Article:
Tuesday, May 1, 2012
The issue of teen pregnancy has long been a challenge in society, taking an emotional and physical toll on those involved. It was particularly so in the early part of the 20th century when there was a significant social stigma attached to being an unwed mother. Here’s how one newspaper reacted when The Salvation Army proposed opening a facility for unwed mothers in Richmond, VA in 1923:
Thursday, March 10, 2011
On March 10, 1880 The Salvation Army “officially” landed in the United States. Commissioner George Scott Railton and seven female officers landed in New York City after having been sent from London by Salvation Army founder William Booth to begin their ministry in this country.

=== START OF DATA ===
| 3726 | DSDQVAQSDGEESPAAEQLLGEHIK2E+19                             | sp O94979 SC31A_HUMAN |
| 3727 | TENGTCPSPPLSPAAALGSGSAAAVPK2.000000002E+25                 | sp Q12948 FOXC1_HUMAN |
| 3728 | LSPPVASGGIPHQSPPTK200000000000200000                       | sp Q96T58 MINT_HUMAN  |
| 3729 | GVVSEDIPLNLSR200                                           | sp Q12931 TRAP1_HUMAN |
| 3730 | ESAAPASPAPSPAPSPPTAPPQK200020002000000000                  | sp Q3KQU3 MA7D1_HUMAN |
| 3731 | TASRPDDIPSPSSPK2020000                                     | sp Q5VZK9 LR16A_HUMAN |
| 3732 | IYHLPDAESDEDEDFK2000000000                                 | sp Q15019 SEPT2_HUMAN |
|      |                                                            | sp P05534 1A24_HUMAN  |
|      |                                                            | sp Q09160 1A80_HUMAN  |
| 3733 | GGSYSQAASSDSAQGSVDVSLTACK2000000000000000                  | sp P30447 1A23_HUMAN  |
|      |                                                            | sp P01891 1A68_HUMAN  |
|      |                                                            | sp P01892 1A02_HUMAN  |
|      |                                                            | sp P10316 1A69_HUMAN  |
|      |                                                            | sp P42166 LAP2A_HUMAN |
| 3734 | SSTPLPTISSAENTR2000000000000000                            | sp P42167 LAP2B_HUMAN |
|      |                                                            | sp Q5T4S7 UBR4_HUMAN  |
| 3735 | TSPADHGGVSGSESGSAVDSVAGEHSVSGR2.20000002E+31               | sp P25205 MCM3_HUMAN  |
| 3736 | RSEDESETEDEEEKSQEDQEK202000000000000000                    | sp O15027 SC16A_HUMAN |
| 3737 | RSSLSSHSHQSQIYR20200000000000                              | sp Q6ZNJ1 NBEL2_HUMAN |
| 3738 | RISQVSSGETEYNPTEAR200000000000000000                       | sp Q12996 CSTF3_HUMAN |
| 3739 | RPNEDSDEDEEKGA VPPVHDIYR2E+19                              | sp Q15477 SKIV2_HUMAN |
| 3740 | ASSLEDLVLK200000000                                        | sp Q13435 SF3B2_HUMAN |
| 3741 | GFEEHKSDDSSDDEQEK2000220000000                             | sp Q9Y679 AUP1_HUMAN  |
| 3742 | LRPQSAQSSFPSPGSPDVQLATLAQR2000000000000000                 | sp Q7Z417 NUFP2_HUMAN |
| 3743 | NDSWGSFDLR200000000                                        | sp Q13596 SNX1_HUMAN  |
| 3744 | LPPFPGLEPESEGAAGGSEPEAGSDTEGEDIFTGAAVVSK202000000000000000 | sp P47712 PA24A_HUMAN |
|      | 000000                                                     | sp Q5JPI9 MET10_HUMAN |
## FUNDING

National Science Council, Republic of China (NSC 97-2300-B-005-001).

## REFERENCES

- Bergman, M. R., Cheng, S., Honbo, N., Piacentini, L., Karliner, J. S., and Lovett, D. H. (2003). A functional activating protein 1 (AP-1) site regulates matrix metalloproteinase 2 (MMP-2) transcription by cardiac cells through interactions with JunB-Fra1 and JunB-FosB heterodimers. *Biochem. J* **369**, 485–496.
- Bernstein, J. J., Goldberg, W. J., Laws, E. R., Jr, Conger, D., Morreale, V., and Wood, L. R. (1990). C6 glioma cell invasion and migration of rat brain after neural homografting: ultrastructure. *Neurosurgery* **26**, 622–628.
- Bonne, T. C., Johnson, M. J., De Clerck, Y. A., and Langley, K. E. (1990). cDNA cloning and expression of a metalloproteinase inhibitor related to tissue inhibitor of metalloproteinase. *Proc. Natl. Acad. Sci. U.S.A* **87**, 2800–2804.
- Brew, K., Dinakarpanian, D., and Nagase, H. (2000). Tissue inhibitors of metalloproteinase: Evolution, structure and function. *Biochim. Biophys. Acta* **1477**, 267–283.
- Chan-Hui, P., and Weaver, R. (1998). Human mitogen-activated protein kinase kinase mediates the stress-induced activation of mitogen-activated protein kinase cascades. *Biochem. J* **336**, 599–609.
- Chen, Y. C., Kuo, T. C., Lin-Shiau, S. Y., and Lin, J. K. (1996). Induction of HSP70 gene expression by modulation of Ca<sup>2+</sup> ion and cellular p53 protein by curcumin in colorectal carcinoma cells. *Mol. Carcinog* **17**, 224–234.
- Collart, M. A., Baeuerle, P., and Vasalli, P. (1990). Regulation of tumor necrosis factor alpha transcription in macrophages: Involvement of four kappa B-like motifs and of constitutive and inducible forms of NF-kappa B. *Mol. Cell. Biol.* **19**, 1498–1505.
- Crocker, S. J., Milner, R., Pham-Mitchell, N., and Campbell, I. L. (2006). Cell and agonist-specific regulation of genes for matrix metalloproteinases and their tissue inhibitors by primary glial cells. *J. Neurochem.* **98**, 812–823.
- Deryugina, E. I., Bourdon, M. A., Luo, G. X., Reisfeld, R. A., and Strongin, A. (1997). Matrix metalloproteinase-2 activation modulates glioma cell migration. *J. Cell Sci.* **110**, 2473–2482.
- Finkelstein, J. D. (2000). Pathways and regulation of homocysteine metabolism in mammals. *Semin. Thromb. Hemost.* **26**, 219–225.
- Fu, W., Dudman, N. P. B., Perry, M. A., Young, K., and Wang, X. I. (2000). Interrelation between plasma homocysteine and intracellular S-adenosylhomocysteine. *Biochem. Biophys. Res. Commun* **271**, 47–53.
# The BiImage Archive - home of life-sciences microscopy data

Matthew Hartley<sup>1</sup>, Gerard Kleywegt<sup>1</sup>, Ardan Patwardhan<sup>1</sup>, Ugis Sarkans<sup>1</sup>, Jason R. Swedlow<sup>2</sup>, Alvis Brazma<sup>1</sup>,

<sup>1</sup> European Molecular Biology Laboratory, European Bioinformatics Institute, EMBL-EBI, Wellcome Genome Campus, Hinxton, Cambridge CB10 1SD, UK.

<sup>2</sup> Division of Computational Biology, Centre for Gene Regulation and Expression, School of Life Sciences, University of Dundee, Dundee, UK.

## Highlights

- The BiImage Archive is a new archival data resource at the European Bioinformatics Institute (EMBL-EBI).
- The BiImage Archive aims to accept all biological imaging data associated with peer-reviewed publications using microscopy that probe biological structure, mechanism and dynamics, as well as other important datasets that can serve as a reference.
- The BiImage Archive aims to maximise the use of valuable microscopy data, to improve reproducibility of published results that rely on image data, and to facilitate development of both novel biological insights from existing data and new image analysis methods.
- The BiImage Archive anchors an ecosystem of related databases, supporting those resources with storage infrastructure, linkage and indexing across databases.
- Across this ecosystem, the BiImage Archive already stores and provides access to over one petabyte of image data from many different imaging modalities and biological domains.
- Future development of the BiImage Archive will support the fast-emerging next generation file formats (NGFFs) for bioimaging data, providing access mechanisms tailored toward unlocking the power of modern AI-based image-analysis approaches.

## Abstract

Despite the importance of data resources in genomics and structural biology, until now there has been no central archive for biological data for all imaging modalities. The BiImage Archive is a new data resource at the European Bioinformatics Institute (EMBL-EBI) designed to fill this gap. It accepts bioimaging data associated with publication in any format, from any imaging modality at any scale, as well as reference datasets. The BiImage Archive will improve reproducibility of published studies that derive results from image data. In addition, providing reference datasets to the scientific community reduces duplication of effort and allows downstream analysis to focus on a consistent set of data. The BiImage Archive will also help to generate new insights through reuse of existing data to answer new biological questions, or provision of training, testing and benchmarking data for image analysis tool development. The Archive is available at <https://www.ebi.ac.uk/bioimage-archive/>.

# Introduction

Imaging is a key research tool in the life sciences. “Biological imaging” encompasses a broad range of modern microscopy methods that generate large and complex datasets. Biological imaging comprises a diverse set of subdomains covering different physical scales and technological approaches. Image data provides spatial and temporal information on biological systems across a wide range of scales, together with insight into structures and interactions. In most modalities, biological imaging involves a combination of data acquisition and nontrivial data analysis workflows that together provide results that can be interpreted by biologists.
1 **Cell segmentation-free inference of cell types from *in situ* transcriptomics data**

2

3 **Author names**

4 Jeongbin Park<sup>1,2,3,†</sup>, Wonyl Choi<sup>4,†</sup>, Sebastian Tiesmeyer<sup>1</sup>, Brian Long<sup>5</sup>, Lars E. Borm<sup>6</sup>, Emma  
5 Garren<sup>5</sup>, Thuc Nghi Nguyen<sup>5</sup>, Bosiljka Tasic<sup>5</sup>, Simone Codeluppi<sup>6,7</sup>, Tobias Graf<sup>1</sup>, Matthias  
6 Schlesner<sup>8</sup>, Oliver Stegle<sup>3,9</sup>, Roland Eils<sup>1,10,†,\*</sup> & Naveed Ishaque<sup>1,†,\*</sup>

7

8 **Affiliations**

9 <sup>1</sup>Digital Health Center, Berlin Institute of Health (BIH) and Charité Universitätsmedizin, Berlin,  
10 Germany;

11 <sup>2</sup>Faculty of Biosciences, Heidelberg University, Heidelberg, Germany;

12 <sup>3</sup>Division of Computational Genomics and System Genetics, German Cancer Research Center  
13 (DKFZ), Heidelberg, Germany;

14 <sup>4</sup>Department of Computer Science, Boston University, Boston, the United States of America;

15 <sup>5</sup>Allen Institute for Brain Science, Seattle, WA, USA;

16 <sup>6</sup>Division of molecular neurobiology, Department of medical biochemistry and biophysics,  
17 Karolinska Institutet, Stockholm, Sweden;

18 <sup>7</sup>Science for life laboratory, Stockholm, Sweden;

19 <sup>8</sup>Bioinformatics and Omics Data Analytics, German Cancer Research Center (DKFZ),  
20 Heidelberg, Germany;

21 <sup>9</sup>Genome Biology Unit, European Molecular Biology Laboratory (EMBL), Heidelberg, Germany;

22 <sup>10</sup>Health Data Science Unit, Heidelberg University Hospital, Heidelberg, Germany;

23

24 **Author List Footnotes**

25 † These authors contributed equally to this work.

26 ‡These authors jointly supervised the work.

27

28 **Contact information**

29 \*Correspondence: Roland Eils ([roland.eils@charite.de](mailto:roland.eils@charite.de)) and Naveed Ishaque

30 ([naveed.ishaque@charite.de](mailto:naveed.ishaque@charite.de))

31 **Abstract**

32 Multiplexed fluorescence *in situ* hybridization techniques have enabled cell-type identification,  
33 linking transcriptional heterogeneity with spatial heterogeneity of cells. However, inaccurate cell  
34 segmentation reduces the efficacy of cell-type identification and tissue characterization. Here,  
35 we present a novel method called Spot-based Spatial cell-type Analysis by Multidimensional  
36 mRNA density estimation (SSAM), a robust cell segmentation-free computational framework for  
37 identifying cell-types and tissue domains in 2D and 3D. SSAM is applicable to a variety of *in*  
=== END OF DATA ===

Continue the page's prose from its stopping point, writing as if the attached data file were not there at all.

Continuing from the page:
However, in truth, The Salvation Army’s Lieutenant Eliza Shirley had already arrived in the US in 1879 to join her parents, who had migrated to America earlier in search for work. That same year she held the first meeting of The Salvation Army in America, in Philadelphia, but it was not officially commissioned by William Booth.
The good news is the Salvationists were received enthusiastically. Shirley wrote to General Booth, begging for reinforcements. None were available at first, but glowing reports of the work in Philadelphia eventually convinced Booth, in 1880, to send an official group to pioneer the work in America.
While Commissioner Railton may get the credit for officially pioneering the work in the US, Lt. Shirley played a significant part in laying the groundwork!